Again, he’s made no secret of this. The most telling moment from his famous evidence session to the Health and Science Select Committee was when he revealed he had sat Boris down and told him, ‘This building is chaos… but you’re more frightened of me having the power to stop the chaos than you are of the chaos.’
It’s Cummings’s hunger for power that is framing the current crisis. It’s what lies behind the blog that revealed the party of the 20th. It’s what lies behind the leaks and steers about other parties and Covid indiscretions. It’s what has so brutally but effectively brought Boris to his knees.
And to many people that’s an irrelevance. Including many Conservative Members of Parliament. ‘I don’t care why Cummings is doing this,’ one told me. ‘He’s exposed what’s going on. If a murderer goes to the police and gives evidence on a serial killer, you bang the serial killer up. It doesn’t matter where you got the evidence from.’
If Boris is ousted by his party, that will represent the third defenestration of an elected Tory Prime Minister within five years. At which point the voters will say: ‘These guys don’t think they need us. Their attitude is it’s their job to choose who governs us, and it’s just ours to rubber-stamp it’
Another said to me: ‘I can see what Cummings is doing, but we’re beyond that now. We need to act, and we need to act fast. There are already 40 names in [MPs who have submitted letters of no-confidence in the PM to the 1922 Committee]. And we have to get on with it. At the moment it’s Boris in crisis. But if we wait, it’ll be the entire Conservative Party in crisis.’
Which is fair, but overlooks a number of important truths. The first of which is a simple principle. Five years ago a referendum was held, one in which the British people decided to take charge of their own destiny. Two years ago those same people elected Boris as their Prime Minister, with an overwhelming mandate. On both occasions they were promised it would lead to them taking back control. Not handing Dom Cummings control.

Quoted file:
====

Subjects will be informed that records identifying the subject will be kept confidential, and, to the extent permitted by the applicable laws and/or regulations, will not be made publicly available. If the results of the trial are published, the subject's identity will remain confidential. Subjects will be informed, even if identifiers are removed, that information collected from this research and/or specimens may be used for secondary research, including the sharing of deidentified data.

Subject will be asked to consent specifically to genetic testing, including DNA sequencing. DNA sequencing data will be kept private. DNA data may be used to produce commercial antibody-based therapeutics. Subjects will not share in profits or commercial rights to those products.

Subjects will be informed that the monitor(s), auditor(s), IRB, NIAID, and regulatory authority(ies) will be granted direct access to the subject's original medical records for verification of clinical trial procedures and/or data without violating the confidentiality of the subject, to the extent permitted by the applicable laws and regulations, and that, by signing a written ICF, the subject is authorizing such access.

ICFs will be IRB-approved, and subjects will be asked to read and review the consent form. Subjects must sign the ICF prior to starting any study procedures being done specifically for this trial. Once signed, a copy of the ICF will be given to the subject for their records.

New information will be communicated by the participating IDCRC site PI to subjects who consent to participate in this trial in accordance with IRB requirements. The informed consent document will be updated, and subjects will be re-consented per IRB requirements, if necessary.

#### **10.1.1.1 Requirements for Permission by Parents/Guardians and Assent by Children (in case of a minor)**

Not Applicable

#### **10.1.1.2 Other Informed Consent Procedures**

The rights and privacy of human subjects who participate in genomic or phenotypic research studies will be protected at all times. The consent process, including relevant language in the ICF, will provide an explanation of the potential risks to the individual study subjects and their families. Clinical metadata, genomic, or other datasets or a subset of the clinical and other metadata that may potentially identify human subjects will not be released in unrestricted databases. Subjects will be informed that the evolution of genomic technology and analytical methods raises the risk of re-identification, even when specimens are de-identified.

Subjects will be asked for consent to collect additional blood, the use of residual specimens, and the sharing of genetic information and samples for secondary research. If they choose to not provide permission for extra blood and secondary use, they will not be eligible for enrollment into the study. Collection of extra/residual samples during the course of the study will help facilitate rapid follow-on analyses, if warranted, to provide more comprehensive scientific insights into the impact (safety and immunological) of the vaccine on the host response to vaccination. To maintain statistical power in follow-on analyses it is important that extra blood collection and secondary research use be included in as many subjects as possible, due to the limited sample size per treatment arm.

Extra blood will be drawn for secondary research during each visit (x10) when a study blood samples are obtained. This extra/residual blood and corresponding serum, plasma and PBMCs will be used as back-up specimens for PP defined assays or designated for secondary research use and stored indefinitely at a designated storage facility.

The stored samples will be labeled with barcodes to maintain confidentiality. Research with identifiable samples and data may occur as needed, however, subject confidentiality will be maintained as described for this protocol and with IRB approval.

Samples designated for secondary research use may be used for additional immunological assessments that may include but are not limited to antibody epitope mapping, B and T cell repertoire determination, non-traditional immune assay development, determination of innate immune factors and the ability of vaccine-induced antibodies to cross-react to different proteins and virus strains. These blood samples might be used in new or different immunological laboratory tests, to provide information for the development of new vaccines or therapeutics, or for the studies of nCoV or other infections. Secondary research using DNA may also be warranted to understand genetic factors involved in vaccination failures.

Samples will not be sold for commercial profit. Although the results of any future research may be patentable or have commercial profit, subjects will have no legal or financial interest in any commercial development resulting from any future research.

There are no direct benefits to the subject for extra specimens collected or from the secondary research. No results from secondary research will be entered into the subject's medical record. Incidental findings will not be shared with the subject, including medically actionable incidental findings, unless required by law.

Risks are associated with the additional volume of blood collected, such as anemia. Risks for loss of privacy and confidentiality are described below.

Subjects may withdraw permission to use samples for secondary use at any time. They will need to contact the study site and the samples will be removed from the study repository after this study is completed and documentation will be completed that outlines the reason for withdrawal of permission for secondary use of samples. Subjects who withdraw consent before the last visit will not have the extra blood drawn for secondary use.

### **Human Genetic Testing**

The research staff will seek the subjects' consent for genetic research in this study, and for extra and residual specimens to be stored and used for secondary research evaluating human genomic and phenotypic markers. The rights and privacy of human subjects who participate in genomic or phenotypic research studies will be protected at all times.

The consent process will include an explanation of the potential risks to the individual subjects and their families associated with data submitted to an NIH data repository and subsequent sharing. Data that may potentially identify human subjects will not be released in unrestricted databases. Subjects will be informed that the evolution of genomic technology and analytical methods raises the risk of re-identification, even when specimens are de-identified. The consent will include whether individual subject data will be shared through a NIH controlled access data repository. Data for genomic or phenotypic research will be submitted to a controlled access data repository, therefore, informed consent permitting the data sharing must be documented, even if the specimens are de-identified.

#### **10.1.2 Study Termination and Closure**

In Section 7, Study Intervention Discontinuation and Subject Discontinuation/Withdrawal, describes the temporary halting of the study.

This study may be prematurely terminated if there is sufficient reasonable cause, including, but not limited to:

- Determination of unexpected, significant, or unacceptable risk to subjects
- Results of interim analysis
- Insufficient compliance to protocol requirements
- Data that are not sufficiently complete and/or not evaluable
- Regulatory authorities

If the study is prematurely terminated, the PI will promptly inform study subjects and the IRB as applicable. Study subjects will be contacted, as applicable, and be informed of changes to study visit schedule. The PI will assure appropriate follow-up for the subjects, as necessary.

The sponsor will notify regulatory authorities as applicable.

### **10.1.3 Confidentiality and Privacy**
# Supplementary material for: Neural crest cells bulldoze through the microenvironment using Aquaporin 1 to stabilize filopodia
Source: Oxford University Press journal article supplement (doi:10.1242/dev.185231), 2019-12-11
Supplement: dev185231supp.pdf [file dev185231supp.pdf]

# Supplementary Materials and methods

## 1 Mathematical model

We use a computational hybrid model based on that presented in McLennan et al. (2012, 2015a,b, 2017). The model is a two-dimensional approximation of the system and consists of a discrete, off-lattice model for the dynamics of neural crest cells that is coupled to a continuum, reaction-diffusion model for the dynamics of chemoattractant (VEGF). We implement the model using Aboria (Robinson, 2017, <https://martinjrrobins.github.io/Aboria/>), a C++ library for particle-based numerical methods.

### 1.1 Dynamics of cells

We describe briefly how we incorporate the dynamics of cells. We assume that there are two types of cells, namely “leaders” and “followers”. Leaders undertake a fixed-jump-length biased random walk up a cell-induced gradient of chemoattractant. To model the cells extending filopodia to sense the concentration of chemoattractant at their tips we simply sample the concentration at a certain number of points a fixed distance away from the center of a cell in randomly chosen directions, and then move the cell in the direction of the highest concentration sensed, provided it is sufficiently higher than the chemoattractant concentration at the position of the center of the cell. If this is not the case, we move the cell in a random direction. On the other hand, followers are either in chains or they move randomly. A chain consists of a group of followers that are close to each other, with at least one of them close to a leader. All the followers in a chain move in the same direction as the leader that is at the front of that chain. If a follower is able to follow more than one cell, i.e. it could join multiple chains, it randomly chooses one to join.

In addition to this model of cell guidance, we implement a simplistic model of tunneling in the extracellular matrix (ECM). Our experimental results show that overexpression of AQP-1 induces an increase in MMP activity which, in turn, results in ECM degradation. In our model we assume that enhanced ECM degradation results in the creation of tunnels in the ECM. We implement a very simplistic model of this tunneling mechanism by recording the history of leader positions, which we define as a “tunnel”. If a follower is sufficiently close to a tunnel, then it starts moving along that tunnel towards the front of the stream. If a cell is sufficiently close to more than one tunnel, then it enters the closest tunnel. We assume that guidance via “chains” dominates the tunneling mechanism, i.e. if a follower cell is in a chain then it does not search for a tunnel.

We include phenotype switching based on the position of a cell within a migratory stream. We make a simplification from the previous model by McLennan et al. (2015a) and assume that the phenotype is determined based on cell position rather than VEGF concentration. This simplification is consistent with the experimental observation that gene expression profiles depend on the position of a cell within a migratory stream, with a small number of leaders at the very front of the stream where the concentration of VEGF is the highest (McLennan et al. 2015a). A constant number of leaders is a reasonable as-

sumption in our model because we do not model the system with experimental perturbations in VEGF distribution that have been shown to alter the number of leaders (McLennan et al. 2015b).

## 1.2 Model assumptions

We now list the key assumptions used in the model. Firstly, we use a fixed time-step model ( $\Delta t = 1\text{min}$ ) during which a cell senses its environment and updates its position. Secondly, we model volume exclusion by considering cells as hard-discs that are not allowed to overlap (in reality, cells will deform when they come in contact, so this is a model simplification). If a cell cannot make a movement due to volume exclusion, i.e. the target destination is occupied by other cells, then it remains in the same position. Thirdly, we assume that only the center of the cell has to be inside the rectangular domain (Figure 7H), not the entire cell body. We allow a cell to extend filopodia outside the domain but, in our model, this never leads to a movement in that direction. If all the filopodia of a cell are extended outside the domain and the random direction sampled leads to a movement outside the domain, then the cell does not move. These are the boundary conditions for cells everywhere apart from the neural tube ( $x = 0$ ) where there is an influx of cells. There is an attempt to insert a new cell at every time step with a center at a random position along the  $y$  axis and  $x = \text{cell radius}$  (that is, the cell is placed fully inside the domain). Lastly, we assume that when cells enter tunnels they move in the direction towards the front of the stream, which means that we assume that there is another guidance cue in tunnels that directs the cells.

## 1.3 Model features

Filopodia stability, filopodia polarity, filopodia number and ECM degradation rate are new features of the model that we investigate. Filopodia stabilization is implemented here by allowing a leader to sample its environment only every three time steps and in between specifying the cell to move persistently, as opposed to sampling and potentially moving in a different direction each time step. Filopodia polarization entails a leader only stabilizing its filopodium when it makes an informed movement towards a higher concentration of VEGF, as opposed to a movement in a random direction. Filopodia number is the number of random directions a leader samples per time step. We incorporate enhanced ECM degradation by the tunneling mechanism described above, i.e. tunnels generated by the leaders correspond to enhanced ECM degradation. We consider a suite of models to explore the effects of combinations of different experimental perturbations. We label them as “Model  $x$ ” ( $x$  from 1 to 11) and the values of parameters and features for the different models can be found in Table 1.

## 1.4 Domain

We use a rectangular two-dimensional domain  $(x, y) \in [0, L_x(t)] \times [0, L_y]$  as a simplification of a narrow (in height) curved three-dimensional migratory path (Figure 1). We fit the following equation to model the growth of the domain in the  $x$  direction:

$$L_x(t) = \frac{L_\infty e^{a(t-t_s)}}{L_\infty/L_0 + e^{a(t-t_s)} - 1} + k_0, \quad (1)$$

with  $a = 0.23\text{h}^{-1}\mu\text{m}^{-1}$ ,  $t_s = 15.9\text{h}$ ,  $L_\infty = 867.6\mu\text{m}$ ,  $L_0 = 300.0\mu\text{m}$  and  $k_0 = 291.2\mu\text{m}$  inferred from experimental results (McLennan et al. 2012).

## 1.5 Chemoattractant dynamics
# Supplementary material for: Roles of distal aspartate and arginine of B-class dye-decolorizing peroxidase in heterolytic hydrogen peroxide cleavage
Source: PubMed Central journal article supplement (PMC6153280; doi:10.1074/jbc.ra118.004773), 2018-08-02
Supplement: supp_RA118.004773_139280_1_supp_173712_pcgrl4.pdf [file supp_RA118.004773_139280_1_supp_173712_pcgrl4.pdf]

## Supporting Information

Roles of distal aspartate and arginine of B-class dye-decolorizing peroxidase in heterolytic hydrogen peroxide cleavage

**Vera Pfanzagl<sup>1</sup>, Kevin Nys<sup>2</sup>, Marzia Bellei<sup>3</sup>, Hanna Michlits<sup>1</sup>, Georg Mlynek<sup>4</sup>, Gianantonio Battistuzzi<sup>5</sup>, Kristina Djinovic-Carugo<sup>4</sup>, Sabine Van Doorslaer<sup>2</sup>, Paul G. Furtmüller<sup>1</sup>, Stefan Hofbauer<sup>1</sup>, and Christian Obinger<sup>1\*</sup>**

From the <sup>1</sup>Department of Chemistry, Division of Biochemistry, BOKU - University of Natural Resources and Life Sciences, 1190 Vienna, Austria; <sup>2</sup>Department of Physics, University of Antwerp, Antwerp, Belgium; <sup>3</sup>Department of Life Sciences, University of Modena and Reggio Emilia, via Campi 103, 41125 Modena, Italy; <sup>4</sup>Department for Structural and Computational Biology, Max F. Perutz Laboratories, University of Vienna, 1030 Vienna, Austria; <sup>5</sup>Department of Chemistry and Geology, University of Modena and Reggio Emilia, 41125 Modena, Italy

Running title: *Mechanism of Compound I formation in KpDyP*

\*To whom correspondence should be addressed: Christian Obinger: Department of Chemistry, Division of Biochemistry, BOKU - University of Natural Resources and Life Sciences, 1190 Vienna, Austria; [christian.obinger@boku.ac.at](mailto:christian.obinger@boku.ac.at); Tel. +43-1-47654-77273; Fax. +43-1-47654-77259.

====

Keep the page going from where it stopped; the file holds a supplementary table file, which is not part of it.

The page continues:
Then there is the politics. If Boris is ousted by his party, that will represent the third defenestration of an elected Tory Prime Minister within five years. At which point the voters will say: ‘These guys don’t think they need us. Their attitude is it’s their job to choose who governs us, and it’s just ours to rubber-stamp it.’ And the reason they’ll say that is because it will be true.
And then there is the final issue. Which is if Dom Cummings brings Boris down now, then that will not be the end of the bloodletting, but the beginning. Cummings will be seen as the evil genius who won the Brexit referendum. He will be seen as the puppet-master who successfully delivered Boris a majority government.
And he will be seen – rightly – as the malicious Machiavelli who casually cast the Prime Minister of the United Kingdom into political oblivion when he had outlived his usefulness.
Does anyone think that at the moment – the point at which he so manifestly wields the ultimate power he has craved for so long – Cummings will just shrug and walk away? Do people honestly think he will sit on his hands through the upcoming Tory leadership election?
That he won’t deploy his talents in support of his favourite Rishi Sunak? And if they are deployed successfully, and Sunak then disappoints him as Boris did, that he won’t eventually turn on him in the same merciless way?
On May 5 the country goes to the polls in the local elections. And that is the moment Boris should face his reckoning. Perhaps he can turn opinion.
Maybe people will see his management of the Covid pandemic in the round. By then he might have found a solution to the cost-of-living crisis. Or stopped the people-smugglers in their tracks.
Or perhaps he won’t. The collapse of support currently revealed in the polls – especially in Red Wall seats – may have turned to an unstoppable flood. The nation’s anger at the spectacle of Downing Street partying as the Queen and her people mourned may not have abated.
But either way, it’s for the people to deliver the final verdict on Boris and the events of the past week. Not a faceless civil servant. Not an embittered former adviser. Not quivering Tory MPs.
There can be no Cummings Coup. If it’s to happen, it needs to be the voters – and the voters alone – who tell Boris the party is finally over.
Source: Daily Mail